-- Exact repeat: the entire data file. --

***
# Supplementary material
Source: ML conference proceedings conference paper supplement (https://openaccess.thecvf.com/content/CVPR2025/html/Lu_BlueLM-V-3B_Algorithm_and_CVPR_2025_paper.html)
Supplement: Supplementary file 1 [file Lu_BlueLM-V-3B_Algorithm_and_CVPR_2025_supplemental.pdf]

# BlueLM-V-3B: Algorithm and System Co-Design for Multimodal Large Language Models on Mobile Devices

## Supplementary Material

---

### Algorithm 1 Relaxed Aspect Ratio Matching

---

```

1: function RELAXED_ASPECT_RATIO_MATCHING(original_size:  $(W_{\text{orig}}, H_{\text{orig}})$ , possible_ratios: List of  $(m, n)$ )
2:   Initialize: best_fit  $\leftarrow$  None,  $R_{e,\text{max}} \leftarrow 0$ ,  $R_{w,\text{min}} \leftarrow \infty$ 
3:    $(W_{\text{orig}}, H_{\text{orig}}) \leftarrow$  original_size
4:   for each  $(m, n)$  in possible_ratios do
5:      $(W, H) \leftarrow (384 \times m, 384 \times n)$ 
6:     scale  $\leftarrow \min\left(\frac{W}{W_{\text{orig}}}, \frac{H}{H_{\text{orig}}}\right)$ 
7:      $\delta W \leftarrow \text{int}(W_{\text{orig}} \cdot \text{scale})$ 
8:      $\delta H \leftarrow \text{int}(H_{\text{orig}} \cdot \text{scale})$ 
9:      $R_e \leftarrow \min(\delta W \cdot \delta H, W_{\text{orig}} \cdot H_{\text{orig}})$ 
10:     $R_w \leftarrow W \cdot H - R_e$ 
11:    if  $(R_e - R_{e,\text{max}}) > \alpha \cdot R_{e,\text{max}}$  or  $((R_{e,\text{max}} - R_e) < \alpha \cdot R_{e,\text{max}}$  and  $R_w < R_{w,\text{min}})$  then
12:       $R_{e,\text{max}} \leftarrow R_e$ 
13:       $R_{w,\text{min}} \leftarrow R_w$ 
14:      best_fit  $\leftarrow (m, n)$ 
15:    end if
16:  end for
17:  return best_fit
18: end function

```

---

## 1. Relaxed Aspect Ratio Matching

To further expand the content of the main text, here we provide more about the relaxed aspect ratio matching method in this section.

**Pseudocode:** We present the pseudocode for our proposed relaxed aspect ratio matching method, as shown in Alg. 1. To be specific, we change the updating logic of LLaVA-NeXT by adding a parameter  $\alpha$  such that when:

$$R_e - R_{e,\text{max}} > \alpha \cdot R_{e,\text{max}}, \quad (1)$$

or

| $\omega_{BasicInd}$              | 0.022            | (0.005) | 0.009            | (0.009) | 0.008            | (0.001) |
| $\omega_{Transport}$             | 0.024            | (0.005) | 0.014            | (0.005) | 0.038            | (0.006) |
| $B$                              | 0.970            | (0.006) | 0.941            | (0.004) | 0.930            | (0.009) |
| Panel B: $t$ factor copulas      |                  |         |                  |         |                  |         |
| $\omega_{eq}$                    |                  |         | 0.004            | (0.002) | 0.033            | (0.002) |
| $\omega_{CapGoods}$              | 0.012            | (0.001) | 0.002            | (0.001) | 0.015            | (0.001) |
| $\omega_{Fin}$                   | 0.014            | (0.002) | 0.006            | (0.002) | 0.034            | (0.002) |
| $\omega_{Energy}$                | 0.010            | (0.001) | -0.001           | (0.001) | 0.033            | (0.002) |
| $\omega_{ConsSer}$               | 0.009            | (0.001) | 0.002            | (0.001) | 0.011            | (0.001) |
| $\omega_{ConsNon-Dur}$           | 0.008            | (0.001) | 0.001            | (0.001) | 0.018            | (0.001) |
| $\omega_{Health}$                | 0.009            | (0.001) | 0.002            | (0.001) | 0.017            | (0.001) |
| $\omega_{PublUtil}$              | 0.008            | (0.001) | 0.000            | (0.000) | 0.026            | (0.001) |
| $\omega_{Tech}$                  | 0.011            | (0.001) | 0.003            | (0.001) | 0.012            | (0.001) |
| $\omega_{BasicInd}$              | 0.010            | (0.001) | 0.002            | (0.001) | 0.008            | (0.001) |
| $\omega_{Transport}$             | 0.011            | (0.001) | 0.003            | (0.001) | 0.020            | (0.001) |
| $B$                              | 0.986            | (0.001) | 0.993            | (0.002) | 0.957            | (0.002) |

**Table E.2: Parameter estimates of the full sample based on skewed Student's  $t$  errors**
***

# Supplementary material
Source: ML conference proceedings conference paper supplement (https://openaccess.thecvf.com/content/CVPR2025/html/Lu_BlueLM-V-3B_Algorithm_and_CVPR_2025_paper.html)
Supplement: Supplementary file 1 [file Lu_BlueLM-V-3B_Algorithm_and_CVPR_2025_supplemental.pdf]

# BlueLM-V-3B: Algorithm and System Co-Design for Multimodal Large Language Models on Mobile Devices

## Supplementary Material

---

### Algorithm 1 Relaxed Aspect Ratio Matching

---

```

1: function RELAXED_ASPECT_RATIO_MATCHING(original_size:  $(W_{\text{orig}}, H_{\text{orig}})$ , possible_ratios: List of  $(m, n)$ )
2:   Initialize: best_fit  $\leftarrow$  None,  $R_{e,\text{max}} \leftarrow 0$ ,  $R_{w,\text{min}} \leftarrow \infty$ 
3:    $(W_{\text{orig}}, H_{\text{orig}}) \leftarrow$  original_size
4:   for each  $(m, n)$  in possible_ratios do
5:      $(W, H) \leftarrow (384 \times m, 384 \times n)$ 
6:     scale  $\leftarrow \min\left(\frac{W}{W_{\text{orig}}}, \frac{H}{H_{\text{orig}}}\right)$ 
7:      $\delta W \leftarrow \text{int}(W_{\text{orig}} \cdot \text{scale})$ 
8:      $\delta H \leftarrow \text{int}(H_{\text{orig}} \cdot \text{scale})$ 
9:      $R_e \leftarrow \min(\delta W \cdot \delta H, W_{\text{orig}} \cdot H_{\text{orig}})$ 
10:     $R_w \leftarrow W \cdot H - R_e$ 
11:    if  $(R_e - R_{e,\text{max}}) > \alpha \cdot R_{e,\text{max}}$  or  $((R_{e,\text{max}} - R_e) < \alpha \cdot R_{e,\text{max}}$  and  $R_w < R_{w,\text{min}})$  then
12:       $R_{e,\text{max}} \leftarrow R_e$ 
13:       $R_{w,\text{min}} \leftarrow R_w$ 
14:      best_fit  $\leftarrow (m, n)$ 
15:    end if
16:  end for
17:  return best_fit
18: end function

```

---

## 1. Relaxed Aspect Ratio Matching

To further expand the content of the main text, here we provide more about the relaxed aspect ratio matching method in this section.

**Pseudocode:** We present the pseudocode for our proposed relaxed aspect ratio matching method, as shown in Alg. 1. To be specific, we change the updating logic of LLaVA-NeXT by adding a parameter  $\alpha$  such that when:

$$R_e - R_{e,\text{max}} > \alpha \cdot R_{e,\text{max}}, \quad (1)$$

or

| $\omega_{BasicInd}$              | 0.022            | (0.005) | 0.009            | (0.009) | 0.008            | (0.001) |
| $\omega_{Transport}$             | 0.024            | (0.005) | 0.014            | (0.005) | 0.038            | (0.006) |
| $B$                              | 0.970            | (0.006) | 0.941            | (0.004) | 0.930            | (0.009) |
| Panel B: $t$ factor copulas      |                  |         |                  |         |                  |         |
| $\omega_{eq}$                    |                  |         | 0.004            | (0.002) | 0.033            | (0.002) |
| $\omega_{CapGoods}$              | 0.012            | (0.001) | 0.002            | (0.001) | 0.015            | (0.001) |
| $\omega_{Fin}$                   | 0.014            | (0.002) | 0.006            | (0.002) | 0.034            | (0.002) |
| $\omega_{Energy}$                | 0.010            | (0.001) | -0.001           | (0.001) | 0.033            | (0.002) |
| $\omega_{ConsSer}$               | 0.009            | (0.001) | 0.002            | (0.001) | 0.011            | (0.001) |
| $\omega_{ConsNon-Dur}$           | 0.008            | (0.001) | 0.001            | (0.001) | 0.018            | (0.001) |
| $\omega_{Health}$                | 0.009            | (0.001) | 0.002            | (0.001) | 0.017            | (0.001) |
| $\omega_{PublUtil}$              | 0.008            | (0.001) | 0.000            | (0.000) | 0.026            | (0.001) |
| $\omega_{Tech}$                  | 0.011            | (0.001) | 0.003            | (0.001) | 0.012            | (0.001) |
| $\omega_{BasicInd}$              | 0.010            | (0.001) | 0.002            | (0.001) | 0.008            | (0.001) |
| $\omega_{Transport}$             | 0.011            | (0.001) | 0.003            | (0.001) | 0.020            | (0.001) |
| $B$                              | 0.986            | (0.001) | 0.993            | (0.002) | 0.957            | (0.002) |

**Table E.2: Parameter estimates of the full sample based on skewed Student's  $t$  errors**